With the expected coming into force this summer 2018 of Bill C-45, which intends to legalize the recreational use of marijuana, many employers have expressed concerns about its impact on workplace accidents, absenteeism and performance especially in organizations where workplace health and safety is critical.
Their concerns are not unfounded since, in the eyes of the law, employers are responsible for taking the necessary measures to protect the health and safety of their employees. For their part, employees are responsible for respecting their employer’s rules and policies, particularly with regards to the protection of workplace health and safety.
Just as with alcohol and other controlled substances, in exercising their management rights, employers will be able to restrict or prohibit the use of marijuana in the workplace as well as the act of reporting to work under the influence of marijuana.
However, managing marijuana in the workplace comes with an additional challenge for employers, namely detecting the use of marijuana. At this point in time, no screening device can accurately measure the degree of impairment due to marijuana use nor determine with precision when it was used.
Furthermore, as with alcohol, the strict prohibition of marijuana consumption by employers will be subject to certain limits. In principle, a zero-tolerance policy may not be used as sole justification for conducting random or systematic drug testing or to discharge an employer from its duty to accommodate medical use of marijuana and dependency problems.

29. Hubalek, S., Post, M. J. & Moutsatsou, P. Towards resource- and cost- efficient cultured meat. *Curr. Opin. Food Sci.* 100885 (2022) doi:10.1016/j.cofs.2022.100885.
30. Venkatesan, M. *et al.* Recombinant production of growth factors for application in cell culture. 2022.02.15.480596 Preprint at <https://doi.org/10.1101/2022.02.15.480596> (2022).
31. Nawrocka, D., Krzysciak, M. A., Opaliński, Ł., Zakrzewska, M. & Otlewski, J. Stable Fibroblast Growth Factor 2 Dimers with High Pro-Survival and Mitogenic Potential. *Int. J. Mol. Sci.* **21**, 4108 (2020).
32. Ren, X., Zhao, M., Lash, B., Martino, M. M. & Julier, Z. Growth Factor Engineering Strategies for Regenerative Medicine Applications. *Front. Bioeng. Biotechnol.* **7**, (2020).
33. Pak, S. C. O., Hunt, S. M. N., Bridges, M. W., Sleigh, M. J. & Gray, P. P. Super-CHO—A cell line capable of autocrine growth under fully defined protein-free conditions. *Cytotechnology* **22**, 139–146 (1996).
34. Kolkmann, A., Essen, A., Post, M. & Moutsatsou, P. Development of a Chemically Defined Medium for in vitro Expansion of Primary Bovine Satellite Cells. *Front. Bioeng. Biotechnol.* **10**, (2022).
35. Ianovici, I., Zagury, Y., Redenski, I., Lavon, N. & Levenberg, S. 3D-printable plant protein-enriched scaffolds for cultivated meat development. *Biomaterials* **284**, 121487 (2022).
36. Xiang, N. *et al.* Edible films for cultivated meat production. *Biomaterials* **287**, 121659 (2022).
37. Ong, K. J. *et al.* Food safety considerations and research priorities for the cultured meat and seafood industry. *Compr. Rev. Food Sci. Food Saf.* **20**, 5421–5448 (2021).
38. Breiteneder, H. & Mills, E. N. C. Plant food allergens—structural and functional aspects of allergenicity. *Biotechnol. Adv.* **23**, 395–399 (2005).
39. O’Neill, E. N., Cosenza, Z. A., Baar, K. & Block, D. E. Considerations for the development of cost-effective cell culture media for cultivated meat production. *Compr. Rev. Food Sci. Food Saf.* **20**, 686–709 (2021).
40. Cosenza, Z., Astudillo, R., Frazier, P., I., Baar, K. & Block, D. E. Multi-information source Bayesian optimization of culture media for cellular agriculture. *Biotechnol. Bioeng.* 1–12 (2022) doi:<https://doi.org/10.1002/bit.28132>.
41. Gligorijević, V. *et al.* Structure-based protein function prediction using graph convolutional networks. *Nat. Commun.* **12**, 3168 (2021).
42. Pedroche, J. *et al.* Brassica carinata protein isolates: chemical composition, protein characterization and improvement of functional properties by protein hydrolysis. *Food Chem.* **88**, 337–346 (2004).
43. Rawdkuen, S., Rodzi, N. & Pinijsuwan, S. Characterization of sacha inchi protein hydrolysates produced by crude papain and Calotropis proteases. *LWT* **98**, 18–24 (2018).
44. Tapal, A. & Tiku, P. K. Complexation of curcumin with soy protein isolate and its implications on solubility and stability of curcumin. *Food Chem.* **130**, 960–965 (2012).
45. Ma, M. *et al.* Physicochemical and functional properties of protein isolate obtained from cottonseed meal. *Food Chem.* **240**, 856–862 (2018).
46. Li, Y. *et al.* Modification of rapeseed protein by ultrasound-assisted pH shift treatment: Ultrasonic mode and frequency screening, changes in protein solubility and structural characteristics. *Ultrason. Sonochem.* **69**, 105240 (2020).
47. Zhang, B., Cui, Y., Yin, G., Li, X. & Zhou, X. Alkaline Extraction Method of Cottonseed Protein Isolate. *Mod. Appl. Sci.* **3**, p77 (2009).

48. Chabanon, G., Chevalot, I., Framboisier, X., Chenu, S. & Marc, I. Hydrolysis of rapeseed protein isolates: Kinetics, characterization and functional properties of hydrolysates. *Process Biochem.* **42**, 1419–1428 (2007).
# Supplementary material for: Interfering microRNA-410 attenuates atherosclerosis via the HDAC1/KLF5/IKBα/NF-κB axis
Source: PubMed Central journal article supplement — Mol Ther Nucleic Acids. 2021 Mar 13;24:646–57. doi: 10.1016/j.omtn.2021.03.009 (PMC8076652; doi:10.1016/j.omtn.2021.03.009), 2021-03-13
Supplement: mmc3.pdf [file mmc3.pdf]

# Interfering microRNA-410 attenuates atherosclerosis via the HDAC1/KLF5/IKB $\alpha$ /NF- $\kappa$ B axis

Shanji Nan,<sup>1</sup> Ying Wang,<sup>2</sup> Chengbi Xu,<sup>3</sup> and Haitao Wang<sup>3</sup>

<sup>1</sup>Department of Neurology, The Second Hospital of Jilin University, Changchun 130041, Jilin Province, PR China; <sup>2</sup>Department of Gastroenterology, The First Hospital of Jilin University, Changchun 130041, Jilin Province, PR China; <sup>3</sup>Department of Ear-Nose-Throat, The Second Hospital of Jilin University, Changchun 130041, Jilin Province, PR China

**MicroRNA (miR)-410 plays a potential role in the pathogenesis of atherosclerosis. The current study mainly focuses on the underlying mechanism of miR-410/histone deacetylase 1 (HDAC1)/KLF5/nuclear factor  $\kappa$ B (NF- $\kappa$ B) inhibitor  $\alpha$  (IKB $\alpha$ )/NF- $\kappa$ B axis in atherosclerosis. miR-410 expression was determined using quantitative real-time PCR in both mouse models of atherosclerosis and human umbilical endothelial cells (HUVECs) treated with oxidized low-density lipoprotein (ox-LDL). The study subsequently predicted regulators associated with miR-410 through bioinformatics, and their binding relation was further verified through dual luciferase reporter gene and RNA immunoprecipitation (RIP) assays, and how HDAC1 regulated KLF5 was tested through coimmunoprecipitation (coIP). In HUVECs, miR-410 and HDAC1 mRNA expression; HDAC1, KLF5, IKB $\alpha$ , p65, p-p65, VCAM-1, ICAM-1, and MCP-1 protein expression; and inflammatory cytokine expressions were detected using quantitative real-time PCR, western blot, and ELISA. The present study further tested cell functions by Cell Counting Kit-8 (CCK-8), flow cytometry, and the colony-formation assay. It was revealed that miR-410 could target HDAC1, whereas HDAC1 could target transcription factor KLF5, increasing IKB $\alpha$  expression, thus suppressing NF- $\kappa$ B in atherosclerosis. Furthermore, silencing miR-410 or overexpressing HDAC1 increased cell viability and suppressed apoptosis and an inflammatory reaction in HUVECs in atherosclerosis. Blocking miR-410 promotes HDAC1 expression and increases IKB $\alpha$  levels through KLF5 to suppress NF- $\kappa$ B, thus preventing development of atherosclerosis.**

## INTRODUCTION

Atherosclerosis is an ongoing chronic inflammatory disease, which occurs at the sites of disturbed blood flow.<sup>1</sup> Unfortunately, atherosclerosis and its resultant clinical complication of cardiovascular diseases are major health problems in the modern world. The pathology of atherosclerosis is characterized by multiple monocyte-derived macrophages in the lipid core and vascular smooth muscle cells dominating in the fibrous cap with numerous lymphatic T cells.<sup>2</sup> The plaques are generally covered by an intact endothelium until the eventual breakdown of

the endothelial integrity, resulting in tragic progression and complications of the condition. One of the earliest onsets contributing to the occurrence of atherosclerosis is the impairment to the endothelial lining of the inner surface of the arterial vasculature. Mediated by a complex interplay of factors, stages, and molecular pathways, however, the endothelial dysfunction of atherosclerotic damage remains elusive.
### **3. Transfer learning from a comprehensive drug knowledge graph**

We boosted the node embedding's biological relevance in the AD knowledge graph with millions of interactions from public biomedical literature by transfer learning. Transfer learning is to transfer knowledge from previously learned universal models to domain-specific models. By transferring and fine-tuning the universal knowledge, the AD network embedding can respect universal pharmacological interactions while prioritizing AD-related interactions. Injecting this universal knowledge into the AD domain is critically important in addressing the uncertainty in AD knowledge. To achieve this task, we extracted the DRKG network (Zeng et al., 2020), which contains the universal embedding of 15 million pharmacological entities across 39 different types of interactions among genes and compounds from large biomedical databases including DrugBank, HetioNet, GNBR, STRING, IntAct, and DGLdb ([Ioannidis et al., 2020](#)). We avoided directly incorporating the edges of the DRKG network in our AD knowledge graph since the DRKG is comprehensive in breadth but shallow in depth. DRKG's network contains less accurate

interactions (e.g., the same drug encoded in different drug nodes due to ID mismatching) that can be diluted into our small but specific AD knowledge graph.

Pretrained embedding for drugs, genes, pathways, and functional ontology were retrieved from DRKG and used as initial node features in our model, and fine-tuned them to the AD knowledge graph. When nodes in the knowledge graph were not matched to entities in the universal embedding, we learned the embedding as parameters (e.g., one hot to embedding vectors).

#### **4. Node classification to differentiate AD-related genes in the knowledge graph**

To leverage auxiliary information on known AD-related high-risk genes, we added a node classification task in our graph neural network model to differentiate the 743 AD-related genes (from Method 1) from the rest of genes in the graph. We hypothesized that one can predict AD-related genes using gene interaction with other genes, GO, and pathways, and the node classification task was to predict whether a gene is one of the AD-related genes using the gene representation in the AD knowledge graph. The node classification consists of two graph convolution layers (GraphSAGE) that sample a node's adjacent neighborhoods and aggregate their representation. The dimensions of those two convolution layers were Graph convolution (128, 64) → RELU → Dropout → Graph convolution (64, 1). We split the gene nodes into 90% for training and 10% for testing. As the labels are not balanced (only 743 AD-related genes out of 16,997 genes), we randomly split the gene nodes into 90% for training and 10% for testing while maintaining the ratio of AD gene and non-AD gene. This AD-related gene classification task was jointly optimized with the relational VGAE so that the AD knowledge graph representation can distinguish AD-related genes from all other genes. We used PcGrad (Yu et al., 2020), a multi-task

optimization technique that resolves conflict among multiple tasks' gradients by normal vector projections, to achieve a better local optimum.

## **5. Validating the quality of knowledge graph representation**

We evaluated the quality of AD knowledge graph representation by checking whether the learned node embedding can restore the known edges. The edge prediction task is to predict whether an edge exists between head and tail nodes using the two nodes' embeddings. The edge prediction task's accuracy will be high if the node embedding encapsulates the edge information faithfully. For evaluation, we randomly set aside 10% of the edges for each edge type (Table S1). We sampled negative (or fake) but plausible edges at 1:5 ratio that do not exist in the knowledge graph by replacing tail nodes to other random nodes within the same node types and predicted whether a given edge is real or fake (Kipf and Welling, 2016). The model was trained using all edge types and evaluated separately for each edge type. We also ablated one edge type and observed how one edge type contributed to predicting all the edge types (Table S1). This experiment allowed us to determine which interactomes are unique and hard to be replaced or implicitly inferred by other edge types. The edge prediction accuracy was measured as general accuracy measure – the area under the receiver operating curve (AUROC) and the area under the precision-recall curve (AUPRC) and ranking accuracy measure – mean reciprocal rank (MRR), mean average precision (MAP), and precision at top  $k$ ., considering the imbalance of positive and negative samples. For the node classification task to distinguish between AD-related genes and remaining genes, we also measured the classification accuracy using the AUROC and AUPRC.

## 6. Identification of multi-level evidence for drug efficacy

The upcoming legalization of recreational marijuana is a great opportunity for concerned employers to adopt or update their drug, controlled substances and alcohol policy to clarify their expectations and to restrict the use of alcohol, drugs and medication in the workplace.
In this regard, any such policy should, notably:
a) Specify its scope of application;
b) Establish the scope of the prohibition and the employer’s expectations;
c) Provide the employer’s definitions of certain fundamental terms, such as “drug addiction”, “impairment”, “dependency” and “workplace”;
d) Recognize the employer’s duty to accommodate medical use of marijuana or an employee’s dependency as well as the employee’s corresponding obligation to disclose any dependency to the employer;
e) Recognize the implementation and application of employee assistance services, where available;
f) Set out the administrative procedure applicable for cases where an employee is considered to be unable to safely perform his or her work;
g) Determine the circumstances under which the employer could conduct drug testing within the limits provided by legislation and case law; and
h) Set out the applicable disciplinary procedure and sanctions for cases where a policy violation has occurred.
Once finalized, the policy must be clearly communicated to all employees. This is the employer’s opportunity to educate and create awareness among employees, particularly among supervisors and managers who will need to be able to recognize the signs of potential intoxication to take quick action. In some circumstances, an internal procedure may also be required.
To learn more, stay tuned for the Miller Thomson LLP seminar in spring 2018. Mtre Claudia Desjardins Bélisle and Mtre Daphnée Beauchamp, along with Jean-Marc Schanzenbach, Commanding Officer of the Montreal police service (SPVM), will answer your questions and provide practical advice regarding the management of marijuana in the workplace.